Too Hot to Handle?
Policy Exchange’s new report highlights that the previous Government’s plan to decarbonise heating by fitting electric heat pumps in most homes by 2050 would cost about £300 billion. This takes into account the installation cost of more than £8,500 per heat pump, the cost of upgrading the grid, and the additional 100 Gigawatts of power generation capacity that would be required to meet the demand for electricity. All in all it would cost as much as £12,000 per household to deliver the previous government’s plans to reduce carbon emissions from domestic heating.
The paper says that the newly created Department for Business, Energy and Industrial Strategy (DBEIS) needs to completely re-think its approach and look at alternatives. Policy Exchange says the government could still meet its target of reducing carbon emissions from domestic heating by 80% through a range of measures including:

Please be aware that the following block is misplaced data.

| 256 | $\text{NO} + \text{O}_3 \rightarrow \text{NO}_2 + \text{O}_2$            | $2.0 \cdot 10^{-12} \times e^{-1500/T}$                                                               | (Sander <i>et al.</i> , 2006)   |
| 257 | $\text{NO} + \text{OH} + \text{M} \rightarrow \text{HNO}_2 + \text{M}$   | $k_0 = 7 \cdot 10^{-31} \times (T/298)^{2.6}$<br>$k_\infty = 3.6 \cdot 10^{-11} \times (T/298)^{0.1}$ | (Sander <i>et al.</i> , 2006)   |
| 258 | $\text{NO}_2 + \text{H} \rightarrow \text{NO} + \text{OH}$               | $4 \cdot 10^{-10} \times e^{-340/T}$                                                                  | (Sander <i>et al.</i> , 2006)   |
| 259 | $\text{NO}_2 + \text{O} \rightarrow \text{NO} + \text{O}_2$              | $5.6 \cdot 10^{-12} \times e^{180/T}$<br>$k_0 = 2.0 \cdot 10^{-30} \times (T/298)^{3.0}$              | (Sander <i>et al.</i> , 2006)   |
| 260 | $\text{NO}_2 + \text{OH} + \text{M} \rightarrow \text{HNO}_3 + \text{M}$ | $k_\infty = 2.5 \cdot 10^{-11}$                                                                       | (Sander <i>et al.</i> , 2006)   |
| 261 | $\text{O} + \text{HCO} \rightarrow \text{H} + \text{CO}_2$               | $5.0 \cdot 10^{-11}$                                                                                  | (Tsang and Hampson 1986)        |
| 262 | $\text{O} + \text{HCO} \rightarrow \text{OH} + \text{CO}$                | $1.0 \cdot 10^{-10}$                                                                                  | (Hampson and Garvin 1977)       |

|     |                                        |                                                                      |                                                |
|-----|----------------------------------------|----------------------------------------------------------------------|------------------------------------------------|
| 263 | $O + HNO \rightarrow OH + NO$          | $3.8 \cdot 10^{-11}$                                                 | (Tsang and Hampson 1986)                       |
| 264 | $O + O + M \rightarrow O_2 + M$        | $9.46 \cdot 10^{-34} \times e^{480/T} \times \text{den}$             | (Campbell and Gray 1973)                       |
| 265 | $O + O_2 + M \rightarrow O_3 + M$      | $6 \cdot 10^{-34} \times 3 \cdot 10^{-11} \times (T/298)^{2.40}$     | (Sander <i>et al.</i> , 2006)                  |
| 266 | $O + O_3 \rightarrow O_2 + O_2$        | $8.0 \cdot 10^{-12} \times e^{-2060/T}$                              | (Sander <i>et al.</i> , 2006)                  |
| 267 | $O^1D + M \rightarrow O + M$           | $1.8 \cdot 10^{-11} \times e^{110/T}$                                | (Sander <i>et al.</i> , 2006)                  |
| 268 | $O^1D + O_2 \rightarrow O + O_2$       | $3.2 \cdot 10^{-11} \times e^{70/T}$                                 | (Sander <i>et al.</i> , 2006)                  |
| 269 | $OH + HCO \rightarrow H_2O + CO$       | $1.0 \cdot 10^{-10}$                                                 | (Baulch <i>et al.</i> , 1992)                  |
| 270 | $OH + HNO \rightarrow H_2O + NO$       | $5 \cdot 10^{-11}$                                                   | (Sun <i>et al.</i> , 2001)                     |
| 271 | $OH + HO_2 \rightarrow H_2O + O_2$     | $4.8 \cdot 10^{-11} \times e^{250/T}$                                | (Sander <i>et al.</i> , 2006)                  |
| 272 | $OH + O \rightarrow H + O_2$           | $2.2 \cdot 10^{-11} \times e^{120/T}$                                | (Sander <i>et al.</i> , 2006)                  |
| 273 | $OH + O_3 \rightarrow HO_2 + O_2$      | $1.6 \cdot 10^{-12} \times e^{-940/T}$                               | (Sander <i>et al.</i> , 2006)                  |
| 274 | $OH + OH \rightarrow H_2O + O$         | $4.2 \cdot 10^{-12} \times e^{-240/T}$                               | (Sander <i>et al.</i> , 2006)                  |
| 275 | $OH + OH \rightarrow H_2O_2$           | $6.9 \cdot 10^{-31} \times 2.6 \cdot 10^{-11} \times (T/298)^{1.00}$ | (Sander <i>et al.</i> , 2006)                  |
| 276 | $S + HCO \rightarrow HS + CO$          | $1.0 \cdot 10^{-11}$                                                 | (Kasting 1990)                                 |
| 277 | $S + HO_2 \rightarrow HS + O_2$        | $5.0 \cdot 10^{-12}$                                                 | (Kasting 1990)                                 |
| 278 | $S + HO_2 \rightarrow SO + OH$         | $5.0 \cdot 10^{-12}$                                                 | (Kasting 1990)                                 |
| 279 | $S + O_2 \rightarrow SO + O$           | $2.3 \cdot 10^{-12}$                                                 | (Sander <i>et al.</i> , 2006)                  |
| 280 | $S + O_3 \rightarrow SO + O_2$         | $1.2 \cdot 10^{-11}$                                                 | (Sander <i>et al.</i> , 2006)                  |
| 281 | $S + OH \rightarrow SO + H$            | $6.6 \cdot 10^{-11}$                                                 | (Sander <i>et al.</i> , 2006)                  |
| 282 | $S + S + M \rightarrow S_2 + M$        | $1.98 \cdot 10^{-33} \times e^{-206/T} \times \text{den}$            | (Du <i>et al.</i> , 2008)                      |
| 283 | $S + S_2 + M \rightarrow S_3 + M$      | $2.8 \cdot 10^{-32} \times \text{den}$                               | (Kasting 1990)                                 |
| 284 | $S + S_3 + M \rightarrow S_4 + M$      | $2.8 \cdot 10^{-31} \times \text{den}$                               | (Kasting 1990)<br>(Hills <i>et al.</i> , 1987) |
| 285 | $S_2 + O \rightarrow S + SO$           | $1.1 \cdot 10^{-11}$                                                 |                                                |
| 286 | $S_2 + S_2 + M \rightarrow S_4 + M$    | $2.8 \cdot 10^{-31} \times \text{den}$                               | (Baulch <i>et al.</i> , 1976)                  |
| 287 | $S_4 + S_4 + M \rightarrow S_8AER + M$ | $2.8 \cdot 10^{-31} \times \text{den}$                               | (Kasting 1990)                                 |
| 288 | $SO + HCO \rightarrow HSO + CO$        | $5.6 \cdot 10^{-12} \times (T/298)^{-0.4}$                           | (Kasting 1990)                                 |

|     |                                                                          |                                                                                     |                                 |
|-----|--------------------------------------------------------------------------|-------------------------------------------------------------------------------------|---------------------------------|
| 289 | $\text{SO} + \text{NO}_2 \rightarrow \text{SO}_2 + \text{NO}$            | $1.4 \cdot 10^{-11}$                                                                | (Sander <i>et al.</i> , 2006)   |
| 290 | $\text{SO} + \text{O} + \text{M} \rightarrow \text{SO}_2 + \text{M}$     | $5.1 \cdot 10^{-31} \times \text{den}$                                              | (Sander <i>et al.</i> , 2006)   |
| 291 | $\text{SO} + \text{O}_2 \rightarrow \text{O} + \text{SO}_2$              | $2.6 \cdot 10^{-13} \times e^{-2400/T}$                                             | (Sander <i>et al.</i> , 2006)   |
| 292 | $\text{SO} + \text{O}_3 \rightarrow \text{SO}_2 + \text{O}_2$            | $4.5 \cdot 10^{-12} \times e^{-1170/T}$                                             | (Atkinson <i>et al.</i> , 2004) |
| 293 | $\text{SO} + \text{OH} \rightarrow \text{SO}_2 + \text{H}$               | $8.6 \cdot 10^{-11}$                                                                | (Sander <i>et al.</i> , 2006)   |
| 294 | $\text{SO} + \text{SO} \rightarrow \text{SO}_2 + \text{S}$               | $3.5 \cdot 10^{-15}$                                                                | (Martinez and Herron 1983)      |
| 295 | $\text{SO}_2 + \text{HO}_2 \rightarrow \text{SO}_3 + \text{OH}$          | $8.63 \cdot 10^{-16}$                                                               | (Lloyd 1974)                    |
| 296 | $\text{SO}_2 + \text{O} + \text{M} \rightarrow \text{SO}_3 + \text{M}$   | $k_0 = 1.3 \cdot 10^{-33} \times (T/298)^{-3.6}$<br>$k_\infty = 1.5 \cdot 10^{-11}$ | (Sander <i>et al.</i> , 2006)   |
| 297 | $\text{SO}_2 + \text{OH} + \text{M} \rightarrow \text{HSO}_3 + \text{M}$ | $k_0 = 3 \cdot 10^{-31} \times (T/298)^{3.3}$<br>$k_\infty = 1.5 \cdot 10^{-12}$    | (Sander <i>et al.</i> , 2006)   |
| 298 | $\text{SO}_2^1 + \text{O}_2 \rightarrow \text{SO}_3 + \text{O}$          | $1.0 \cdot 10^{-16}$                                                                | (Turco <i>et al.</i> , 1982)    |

- Improving energy efficiency by tightening standards for new build homes and for existing private rented properties, and by linking the stamp duty system to energy performance to encourage households to improve their properties.
- Making better use of gas by encouraging people to replace old boilers with new highly efficient boilers.
- Expanding the use of “greener gases” such as injecting biomethane into the gas grid (which can be made from food waste), supporting the development of new technologies which convert “black bag” residual waste into synthetic biogas, and exploring the possibility of converting the gas to the grid to run on hydrogen.
- Ditching the EU’s Renewable Heat target, under which the UK has pursued more expensive technologies, and instead focusing on the cheapest ways of decarbonising heating.
The report warns that the UK is significantly off track to meeting legally binding carbon budgets covering the period to 2032, and the lack of progress to decarbonise heating could make or break the UK’s carbon plans. It urges the government to put affordability at the heart of its decarbonisation strategy by shifting away from its focus on electric heat pumps to alternatives.